The Adventures of Elizabeth in Rügen

Rügen is an island off the Pomeranian coast, renowned for its sandy beaches (and jelly fish apparently). In the novel, the guidebook she found in the library quickly proves to be inadequate for Elizabeth’s requirements, and after a few misdirections and silences Elizabeth takes pleasure in doing the opposite of what it suggests. She is enjoying the freedom to choose what to do and where to go. However events interrupt her idyll and her adventures take a different form.

She is a writer with a sense of the dramatic as well as the absurd, and we are invited from the outset to enjoy the vagaries of her trip. It begins when her carriage barely fits into the ferry across to the island but takes a turn for the worse when their young coachman, August, does not notice that his two passengers, Elizabeth and her maid Gertrud, have alighted. He has been warned not to turn around to look at the women, and so he travels on and on without them. When they finally catch up with him a challenge comes from one of the bystanders as he tells his story.

The crowd waited breathlessly. ‘I turned round,’ continued August, ‘and I saw nothing.’
‘But you said you would never forget what you saw,’ objected a dissatisfied-looking man.
‘Never, never shall I forget it.’
‘Yet you saw nothing at all.’
‘Nothing, nothing. Never will I forget it.’
‘If you saw nothing you cannot forget it,’ persisted the dissatisfied man. (31-2)

Such conundrums and frustrations follow Elizabeth on her adventures. Soon after this inauspicious beginning Elizabeth goes swimming and enters the cold water more or less on top of another woman who turns out to be her cousin Charlotte ‘whom I had not seen for ten years’. Charlotte’s marital situation drives the plot: she married an eminent English professor, much older than herself. She now wants to free herself from him and has left him to promote the cause of women. Actually she appears to be promoting the cause of Charlotte and overlooks other women and has no time at all to consider the servant class, such as the long-suffering Gertrud. The women continue the trip around the island together.

Not long after this Elizabeth’s path crosses the professor’s. He is looking for his wife, but quite happy to be distracted by any women he meets. He is, in truth, a bit of a lech. When Charlotte departs, Elizabeth and the professor give chase, and Elizabeth contrives a plan to bring them together.

Everywhere they go they meet Ambrose (Bosy) and his mother Mrs Harvey-Browne. Bosy is a good-looking young man, but he pays no attention to what anyone says but himself. His mother, however, is horrendous, and Elizabeth tries to avoid the pair on her travels. Mrs Harvey-Browne is the wife of an Anglican bishop and expects to be treated as a person of some status. It has not dawned on her that there would be little understanding of her status on the island as the Germans do not have bishops, and furthermore her status is acquired by connection rather in her own right. Sadly she is often mistaken, for example, refusing to engage with the professor, when they first met, as she mistakes him for a tramp. But worse, she is determined to be critical of everything – landscape, language, service, food, transport, the weather …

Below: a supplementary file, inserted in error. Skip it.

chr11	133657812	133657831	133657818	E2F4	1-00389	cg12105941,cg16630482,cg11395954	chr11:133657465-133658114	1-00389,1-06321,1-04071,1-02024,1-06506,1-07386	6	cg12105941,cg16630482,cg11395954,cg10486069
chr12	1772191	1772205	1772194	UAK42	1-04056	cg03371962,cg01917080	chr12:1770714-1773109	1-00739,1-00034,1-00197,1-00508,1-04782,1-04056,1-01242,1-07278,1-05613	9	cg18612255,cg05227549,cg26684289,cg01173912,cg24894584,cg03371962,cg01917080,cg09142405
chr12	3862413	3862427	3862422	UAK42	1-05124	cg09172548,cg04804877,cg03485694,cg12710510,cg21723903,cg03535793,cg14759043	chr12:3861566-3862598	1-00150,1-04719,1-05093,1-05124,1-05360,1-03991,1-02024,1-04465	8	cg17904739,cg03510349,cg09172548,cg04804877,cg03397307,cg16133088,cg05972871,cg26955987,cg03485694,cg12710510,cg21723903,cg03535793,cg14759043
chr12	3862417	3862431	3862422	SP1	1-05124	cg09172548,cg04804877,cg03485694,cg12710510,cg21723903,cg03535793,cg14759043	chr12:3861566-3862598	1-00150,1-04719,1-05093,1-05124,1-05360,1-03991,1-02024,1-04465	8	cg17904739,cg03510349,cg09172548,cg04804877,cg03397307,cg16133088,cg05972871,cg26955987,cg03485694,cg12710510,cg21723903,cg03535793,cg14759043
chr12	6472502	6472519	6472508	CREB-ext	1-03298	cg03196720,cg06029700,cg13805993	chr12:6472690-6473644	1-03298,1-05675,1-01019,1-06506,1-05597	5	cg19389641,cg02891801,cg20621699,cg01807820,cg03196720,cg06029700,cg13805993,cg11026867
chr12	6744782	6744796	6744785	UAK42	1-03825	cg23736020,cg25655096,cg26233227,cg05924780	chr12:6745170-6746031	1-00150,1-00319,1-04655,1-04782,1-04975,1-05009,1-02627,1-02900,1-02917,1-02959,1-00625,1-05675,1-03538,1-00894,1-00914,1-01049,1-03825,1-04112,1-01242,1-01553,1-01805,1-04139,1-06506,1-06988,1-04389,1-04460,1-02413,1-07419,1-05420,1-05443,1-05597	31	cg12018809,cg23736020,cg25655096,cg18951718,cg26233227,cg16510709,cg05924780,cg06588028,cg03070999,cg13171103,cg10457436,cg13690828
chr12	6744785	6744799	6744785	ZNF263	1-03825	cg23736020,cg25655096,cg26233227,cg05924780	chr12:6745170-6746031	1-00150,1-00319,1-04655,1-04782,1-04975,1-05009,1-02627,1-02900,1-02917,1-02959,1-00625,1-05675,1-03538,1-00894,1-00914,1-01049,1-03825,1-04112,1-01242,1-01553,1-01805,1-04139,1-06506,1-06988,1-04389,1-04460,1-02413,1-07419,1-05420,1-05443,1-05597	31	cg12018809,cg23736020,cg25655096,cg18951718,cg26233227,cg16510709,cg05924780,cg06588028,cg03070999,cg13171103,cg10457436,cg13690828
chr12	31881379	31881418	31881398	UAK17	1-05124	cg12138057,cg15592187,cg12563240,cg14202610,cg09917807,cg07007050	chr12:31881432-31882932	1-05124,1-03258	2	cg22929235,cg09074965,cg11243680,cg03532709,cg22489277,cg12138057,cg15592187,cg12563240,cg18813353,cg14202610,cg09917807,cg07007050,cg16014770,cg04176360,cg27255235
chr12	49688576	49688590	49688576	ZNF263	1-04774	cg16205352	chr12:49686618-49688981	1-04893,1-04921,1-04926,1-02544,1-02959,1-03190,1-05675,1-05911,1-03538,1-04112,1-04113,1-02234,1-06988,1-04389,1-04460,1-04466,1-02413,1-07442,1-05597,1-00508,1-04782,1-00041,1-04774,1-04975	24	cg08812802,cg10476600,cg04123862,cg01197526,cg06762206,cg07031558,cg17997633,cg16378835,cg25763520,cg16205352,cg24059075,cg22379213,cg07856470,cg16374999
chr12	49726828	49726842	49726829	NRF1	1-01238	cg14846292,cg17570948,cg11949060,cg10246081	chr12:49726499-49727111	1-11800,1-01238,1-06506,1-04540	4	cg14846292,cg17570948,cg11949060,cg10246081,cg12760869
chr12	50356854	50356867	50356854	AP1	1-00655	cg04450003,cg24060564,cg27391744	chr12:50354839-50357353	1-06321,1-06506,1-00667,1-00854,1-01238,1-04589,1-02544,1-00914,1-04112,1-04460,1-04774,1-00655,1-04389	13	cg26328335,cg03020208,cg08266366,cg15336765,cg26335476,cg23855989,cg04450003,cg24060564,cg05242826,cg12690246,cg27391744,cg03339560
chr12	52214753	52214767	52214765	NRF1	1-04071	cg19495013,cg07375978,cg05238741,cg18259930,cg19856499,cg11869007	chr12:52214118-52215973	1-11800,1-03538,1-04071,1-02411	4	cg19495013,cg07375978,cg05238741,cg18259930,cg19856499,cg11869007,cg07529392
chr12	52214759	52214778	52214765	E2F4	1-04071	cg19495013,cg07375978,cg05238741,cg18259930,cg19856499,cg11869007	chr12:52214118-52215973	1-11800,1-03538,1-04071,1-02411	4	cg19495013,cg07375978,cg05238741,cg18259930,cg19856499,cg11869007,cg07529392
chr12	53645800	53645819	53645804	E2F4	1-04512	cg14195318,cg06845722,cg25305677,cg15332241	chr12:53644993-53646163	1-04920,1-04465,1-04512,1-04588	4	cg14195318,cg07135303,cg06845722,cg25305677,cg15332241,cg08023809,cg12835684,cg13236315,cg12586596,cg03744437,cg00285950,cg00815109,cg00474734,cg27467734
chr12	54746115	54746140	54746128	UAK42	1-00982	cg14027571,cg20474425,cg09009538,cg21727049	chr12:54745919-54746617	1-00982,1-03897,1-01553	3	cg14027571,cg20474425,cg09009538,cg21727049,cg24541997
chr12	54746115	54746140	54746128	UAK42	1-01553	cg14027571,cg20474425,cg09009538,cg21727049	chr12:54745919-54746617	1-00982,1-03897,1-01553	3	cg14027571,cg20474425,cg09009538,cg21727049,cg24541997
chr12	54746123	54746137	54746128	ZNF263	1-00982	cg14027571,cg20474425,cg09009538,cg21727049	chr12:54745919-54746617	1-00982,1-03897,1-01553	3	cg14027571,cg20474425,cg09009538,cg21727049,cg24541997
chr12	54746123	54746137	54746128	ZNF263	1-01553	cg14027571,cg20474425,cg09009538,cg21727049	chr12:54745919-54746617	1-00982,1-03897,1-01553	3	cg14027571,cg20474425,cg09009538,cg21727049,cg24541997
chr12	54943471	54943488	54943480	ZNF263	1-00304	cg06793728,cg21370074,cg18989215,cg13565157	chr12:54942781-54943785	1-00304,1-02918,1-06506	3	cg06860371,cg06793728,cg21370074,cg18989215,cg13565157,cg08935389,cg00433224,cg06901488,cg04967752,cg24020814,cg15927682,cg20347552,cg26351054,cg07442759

Her negativity puts Elizabeth’s character into relief. Elizabeth is witty, funny and resourceful, prepared to see the best in everyone, to help them, and to enjoy the adventures on Rügen. All is chaos and good humour from her side, but indignation, crossness and self-absorption from the others.

Rügen is clearly a beautiful island with exquisite views and beaches as well as bracing sea bathing and dense forests. I read a second-hand copy of this novel but I don’t recall where I bought it. I was delighted to find a postcard tucked in its pages, showing a watercolour of the church in Bobbin, featured on Elizabeth’s journey (246-249). The artists is W Teich.

Here are links to other posts on Bookword featuring novels by Elizabeth von Arnim:

Expiation by Elizabeth von Arnim (August 2021)

Father by Elizabeth von Arnim (July 2021)

Mr Skeffington by Elizabeth von Arnim (November 2020)

The Enchanted April by Elizabeth von Arnim (August 2017)

The Adventures of Elizabeth in Rügen: by the author of Elizabeth and her German Garden by Elizabeth von Arnim, first published in 1904. It was reissued by Virago in 1990 with an introduction by Penelope Mortimer. 199pp 

4 Comments

Filed under Books, Books and Walking, Reading, Reviews, Travel with Books

William’s Wife by Gertrude Trevelyan

Last year I enjoyed reading Two Thousand Million Man-Power by Gertrude Trevelyan. It had been published in 1937 and reissued by Recovered Books in 2022. The story in that novel followed two ordinary, rather boring people from 1919 to 1936. William’s Wife also covers a long period. William’s wife is Jane, and we join her on her wedding day towards the end of the 19th Century, and the novel ends with her eventual decline between the wars. Jane is no-one special. She is 28 years old when she marries and has been a lady’s maid.

William’s Wife

William’s Wife considers what it means to be William Chirp’s wife, living close to London, in a small town. Jane Atkins marries William Chirp who is a widower and owner of a substantial greengrocer’s shop. There is considerable consciousness of social status in the town, and Jane is anxious to be recognised for the new status she acquires on her marriage. But from the start William shows himself as mean and miserly, and Jane must resort to subterfuge to find the few pence for repairs to her clothes, nice things in the house and so forth. He controls her money to the point of abuse, and when he retires it gets worse, for he controls her time as well. The First World War arrives and she joins a group to knit items (helmets) for the soldiers, which include his son-in-law. William begrudges her the money for the yarn and the time she spends with the knitting group but he will not be publicly shamed. When he dies as the war ends, Jane comes into his money, and the house, which will on Jane’s death be inherited by his daughter Emily.